Ageing population, mounting chronic diseases, and unprecedented events like the ongoing COVID-19 pandemic are putting many healthcare systems at the verge of breaking. It has been forecasted that the global healthcare spending will go up at an annual rate of 5.4% between years 2017 and 2022, from $7.7 trillion to $10.1 trillion. At the same time, the mismatch between business and administrative procedures, effectiveness of interventions and clinical outcomes are causing a lot of resources wastage.

In the US alone, an estimated of $1 trillion is believed to be misspent every year. All these challenges have probably contributed to the increased attention in technology-driven value-based care in recent years. Essentially, value-based care would access the outcomes of a patient first, consolidate those insights on a population level, before tailoring specific care pathways for the many similar patients. Digitization and exponential growth of healthcare data expedited the use of analytics and artificial intelligence (AI) to create models that will facilitate the process.

Most healthcare executives also trust that this is the way to go. According to the latest survey of more than 700 business decision makers by KPMG US, 89% of healthcare executives believed artificial intelligence (AI) is “already creating efficiencies in their systems” and 91% said AI is “increasing patient access to care”. Nevertheless, we are still far from creating a true value-based care landscape.

Value-based care requires openness, trust and strong collaboration

Although many hospitals have plans to trial or roll out the use of AI in parts of their systems, most available algorithms are largely restricted to basic forms of automations and predictions. More advanced solutions such as scanning and extracting information from hand or type-written documents for decision making, determining the urgency of referral or even early detection and prevention of diseases based on patients’ data are still work in progress.

Besides, many healthcare leaders recognize the need for a cultural shift. Yet, they do not necessarily have the operational expertise to ensure technological engagements in clinicians and patients, mitigate possible risks, transparency and privacy concerns as well as to implement a reimbursement structure. It’s advisable for healthcare leaders to stop dwelling on granular items such as addressing “how fast should the transformation take place” or “if this partnership will jeopardize their successes” that may paralyze them from taking real actions.

Also, healthcare leaders should not focus on traditional strategies that will not lead to sustainable results and never attempt to make the transition alone. Synergy is the key and short-term, actionable goals and risk management strategy should be given priorities. In the words of Jan Kimpen, Chief Medical Officer of Philips, widespread adoption of value-based care requires “openness, trust and strong collaboration and partnerships between all healthcare stakeholder groups”.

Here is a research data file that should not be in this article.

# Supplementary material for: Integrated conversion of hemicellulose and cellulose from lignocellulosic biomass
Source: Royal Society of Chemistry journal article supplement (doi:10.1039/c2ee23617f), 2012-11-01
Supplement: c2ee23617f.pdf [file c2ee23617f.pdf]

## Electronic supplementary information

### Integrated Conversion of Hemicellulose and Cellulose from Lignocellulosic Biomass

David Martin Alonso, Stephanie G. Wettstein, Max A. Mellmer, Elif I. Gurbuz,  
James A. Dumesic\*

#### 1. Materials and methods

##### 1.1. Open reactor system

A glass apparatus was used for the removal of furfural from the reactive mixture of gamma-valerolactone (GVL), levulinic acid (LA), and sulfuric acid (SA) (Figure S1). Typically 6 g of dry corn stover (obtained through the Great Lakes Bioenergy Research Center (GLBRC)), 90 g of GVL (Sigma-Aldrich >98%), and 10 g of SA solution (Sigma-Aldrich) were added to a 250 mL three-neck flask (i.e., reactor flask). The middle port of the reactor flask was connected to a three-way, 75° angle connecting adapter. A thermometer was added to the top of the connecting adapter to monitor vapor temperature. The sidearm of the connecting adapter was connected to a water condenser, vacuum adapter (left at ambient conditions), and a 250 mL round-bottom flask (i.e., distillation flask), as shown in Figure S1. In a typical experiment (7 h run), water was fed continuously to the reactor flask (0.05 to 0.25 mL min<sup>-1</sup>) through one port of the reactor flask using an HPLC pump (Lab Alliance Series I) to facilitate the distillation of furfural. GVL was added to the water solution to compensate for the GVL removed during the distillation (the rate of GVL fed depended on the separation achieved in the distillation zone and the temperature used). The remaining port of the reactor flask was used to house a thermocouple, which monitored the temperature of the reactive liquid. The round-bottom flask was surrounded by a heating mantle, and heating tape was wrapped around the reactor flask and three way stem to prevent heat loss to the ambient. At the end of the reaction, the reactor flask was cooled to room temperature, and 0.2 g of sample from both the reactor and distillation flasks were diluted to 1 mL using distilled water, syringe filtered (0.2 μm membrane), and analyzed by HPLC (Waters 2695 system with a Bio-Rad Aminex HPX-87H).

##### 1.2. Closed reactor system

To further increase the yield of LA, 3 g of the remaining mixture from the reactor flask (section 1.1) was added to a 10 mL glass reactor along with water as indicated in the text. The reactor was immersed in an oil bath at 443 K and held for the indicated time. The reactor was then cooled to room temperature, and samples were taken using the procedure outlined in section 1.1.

Technology-driven value-based care is not impossible

At the recent AIMed webinar: Telemedicine and Virtual Care – How COVID changed the World, both speakers – Dr. Nick Patel, Chief Digital Officer, Prisma Health and Professor Thierry Mesana – President and Chief Executive Officer, Gordon Henderson Leadership Chair and Valve Surgery Research Chair, University of Ottawa Hear Institute have witnessed how technology, specifically telehealth had changed and benefitted patients during the COVID-19 pandemic. This not only overturned the past skepticism on whether remote care can ever be useful but also bring upon the notion that deploying technology to provide value-based care is not impossible.

For example, Dr. Patel cited the US state of South Carolina has one of the highest rates for heart disease and stroke. A connected device could be given to patients to better control their diabetes and hypertension. Algorithms could be set up in these devices to direct the patients to the right avenue of care shall there be a need. There can also be a chatbot to remind patients to take their medications and get their blood glucose or blood pressure check on a daily basis. Dr. Patel believed outcomes for chronic diseases will be a crucial marker to determine if a healthcare strategy has been successful.

“At the end of the day, we want to improve the mortality of our patients. I think we should start with the problem first because technology is just an enablement tool. South Carolina ranked 43rd in the country when it comes to healthcare because we have such high rates of diabetes, heart diseases and stroke. So, we want to enable patients to take care of themselves and use technology to give them the power to do so”.

Please join AIMed and our medicine, healthcare, tech and C-suite communities for similar discussions at the first ever AIMed Health Executives virtual event on 29 September, hosted in association with the American College of Healthcare Trustees and Society of Physician Entrepreneurs (SoPE). Please click here for more details on event registration and agenda.


Author Bio

Hazel Tang A science writer with data background and an interest in the current affair, culture, and arts; a no-med from an (almost) all-med family. Follow on Twitter.